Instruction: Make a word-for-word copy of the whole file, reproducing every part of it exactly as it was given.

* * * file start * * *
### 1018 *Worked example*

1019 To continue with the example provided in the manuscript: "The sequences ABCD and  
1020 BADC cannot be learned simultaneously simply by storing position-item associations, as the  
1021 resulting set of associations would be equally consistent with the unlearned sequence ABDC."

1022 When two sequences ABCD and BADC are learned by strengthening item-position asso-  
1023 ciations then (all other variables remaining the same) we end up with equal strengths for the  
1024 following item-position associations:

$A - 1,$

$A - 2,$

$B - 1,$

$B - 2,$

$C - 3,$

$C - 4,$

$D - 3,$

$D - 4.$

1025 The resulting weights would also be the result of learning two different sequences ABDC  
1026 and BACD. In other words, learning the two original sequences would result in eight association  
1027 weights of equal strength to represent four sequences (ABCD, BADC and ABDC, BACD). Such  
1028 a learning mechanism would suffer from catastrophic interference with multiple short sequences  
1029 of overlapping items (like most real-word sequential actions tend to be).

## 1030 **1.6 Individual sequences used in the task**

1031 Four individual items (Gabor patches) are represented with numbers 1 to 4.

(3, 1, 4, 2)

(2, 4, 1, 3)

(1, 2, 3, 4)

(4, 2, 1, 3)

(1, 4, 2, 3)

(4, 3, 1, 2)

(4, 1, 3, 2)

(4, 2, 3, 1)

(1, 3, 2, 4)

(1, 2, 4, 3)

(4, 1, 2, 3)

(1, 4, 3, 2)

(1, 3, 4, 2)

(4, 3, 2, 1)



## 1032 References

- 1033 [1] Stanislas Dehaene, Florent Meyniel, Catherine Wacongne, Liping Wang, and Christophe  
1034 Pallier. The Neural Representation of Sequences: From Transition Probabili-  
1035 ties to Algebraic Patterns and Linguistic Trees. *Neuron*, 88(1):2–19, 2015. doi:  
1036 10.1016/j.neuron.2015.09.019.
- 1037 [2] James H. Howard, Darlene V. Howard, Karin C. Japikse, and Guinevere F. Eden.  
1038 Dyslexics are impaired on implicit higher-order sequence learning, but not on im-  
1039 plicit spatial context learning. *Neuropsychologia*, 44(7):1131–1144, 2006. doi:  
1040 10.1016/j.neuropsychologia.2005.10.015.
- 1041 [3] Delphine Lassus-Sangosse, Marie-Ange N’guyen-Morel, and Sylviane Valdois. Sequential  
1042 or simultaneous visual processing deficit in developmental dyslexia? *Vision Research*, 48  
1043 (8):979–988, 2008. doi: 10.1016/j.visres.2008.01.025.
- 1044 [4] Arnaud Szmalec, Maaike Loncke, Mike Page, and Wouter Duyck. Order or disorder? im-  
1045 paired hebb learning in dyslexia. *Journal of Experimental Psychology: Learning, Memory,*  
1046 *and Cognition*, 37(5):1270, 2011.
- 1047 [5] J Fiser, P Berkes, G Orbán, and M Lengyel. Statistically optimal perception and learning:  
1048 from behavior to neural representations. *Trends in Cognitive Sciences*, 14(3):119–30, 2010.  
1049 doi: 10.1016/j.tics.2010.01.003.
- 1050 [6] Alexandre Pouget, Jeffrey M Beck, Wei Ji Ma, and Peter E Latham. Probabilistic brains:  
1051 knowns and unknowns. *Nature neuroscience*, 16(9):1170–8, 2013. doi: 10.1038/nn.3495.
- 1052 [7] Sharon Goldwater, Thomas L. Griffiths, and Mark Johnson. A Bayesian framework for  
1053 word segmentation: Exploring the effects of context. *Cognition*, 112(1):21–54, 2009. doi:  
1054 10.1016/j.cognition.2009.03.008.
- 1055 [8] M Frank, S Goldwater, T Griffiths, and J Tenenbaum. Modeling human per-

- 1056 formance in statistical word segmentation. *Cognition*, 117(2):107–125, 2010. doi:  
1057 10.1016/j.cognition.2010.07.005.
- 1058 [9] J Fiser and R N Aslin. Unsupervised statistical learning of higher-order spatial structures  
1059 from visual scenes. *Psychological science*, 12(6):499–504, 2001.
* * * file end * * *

### 1018 *Worked example*

1019 To continue with the example provided in the manuscript: "The sequences ABCD and  
1020 BADC cannot be learned simultaneously simply by storing position-item associations, as the  
1021 resulting set of associations would be equally consistent with the unlearned sequence ABDC."

1022 When two sequences ABCD and BADC are learned by strengthening item-position asso-  
1023 ciations then (all other variables remaining the same) we end up with equal strengths for the  
1024 following item-position associations:

$A - 1,$

$A - 2,$

$B - 1,$

$B - 2,$

$C - 3,$

$C - 4,$

$D - 3,$

$D - 4.$

1025 The resulting weights would also be the result of learning two different sequences ABDC  
1026 and BACD. In other words, learning the two original sequences would result in eight association  
1027 weights of equal strength to represent four sequences (ABCD, BADC and ABDC, BACD). Such  
1028 a learning mechanism would suffer from catastrophic interference with multiple short sequences  
1029 of overlapping items (like most real-word sequential actions tend to be).

## 1030 **1.6 Individual sequences used in the task**

1031 Four individual items (Gabor patches) are represented with numbers 1 to 4.

(3, 1, 4, 2)

(2, 4, 1, 3)

(1, 2, 3, 4)

(4, 2, 1, 3)

(1, 4, 2, 3)

(4, 3, 1, 2)

(4, 1, 3, 2)

(4, 2, 3, 1)

(1, 3, 2, 4)

(1, 2, 4, 3)

(4, 1, 2, 3)

(1, 4, 3, 2)

(1, 3, 4, 2)

(4, 3, 2, 1)



## 1032 References

- 1033 [1] Stanislas Dehaene, Florent Meyniel, Catherine Wacongne, Liping Wang, and Christophe  
1034 Pallier. The Neural Representation of Sequences: From Transition Probabili-  
1035 ties to Algebraic Patterns and Linguistic Trees. *Neuron*, 88(1):2–19, 2015. doi:  
1036 10.1016/j.neuron.2015.09.019.
- 1037 [2] James H. Howard, Darlene V. Howard, Karin C. Japikse, and Guinevere F. Eden.  
1038 Dyslexics are impaired on implicit higher-order sequence learning, but not on im-  
1039 plicit spatial context learning. *Neuropsychologia*, 44(7):1131–1144, 2006. doi:  
1040 10.1016/j.neuropsychologia.2005.10.015.
- 1041 [3] Delphine Lassus-Sangosse, Marie-Ange N’guyen-Morel, and Sylviane Valdois. Sequential  
1042 or simultaneous visual processing deficit in developmental dyslexia? *Vision Research*, 48  
1043 (8):979–988, 2008. doi: 10.1016/j.visres.2008.01.025.
- 1044 [4] Arnaud Szmalec, Maaike Loncke, Mike Page, and Wouter Duyck. Order or disorder? im-  
1045 paired hebb learning in dyslexia. *Journal of Experimental Psychology: Learning, Memory,*  
1046 *and Cognition*, 37(5):1270, 2011.
- 1047 [5] J Fiser, P Berkes, G Orbán, and M Lengyel. Statistically optimal perception and learning:  
1048 from behavior to neural representations. *Trends in Cognitive Sciences*, 14(3):119–30, 2010.  
1049 doi: 10.1016/j.tics.2010.01.003.
- 1050 [6] Alexandre Pouget, Jeffrey M Beck, Wei Ji Ma, and Peter E Latham. Probabilistic brains:  
1051 knowns and unknowns. *Nature neuroscience*, 16(9):1170–8, 2013. doi: 10.1038/nn.3495.
- 1052 [7] Sharon Goldwater, Thomas L. Griffiths, and Mark Johnson. A Bayesian framework for  
1053 word segmentation: Exploring the effects of context. *Cognition*, 112(1):21–54, 2009. doi:  
1054 10.1016/j.cognition.2009.03.008.
- 1055 [8] M Frank, S Goldwater, T Griffiths, and J Tenenbaum. Modeling human per-

- 1056 formance in statistical word segmentation. *Cognition*, 117(2):107–125, 2010. doi:  
1057 10.1016/j.cognition.2010.07.005.
- 1058 [9] J Fiser and R N Aslin. Unsupervised statistical learning of higher-order spatial structures  
1059 from visual scenes. *Psychological science*, 12(6):499–504, 2001.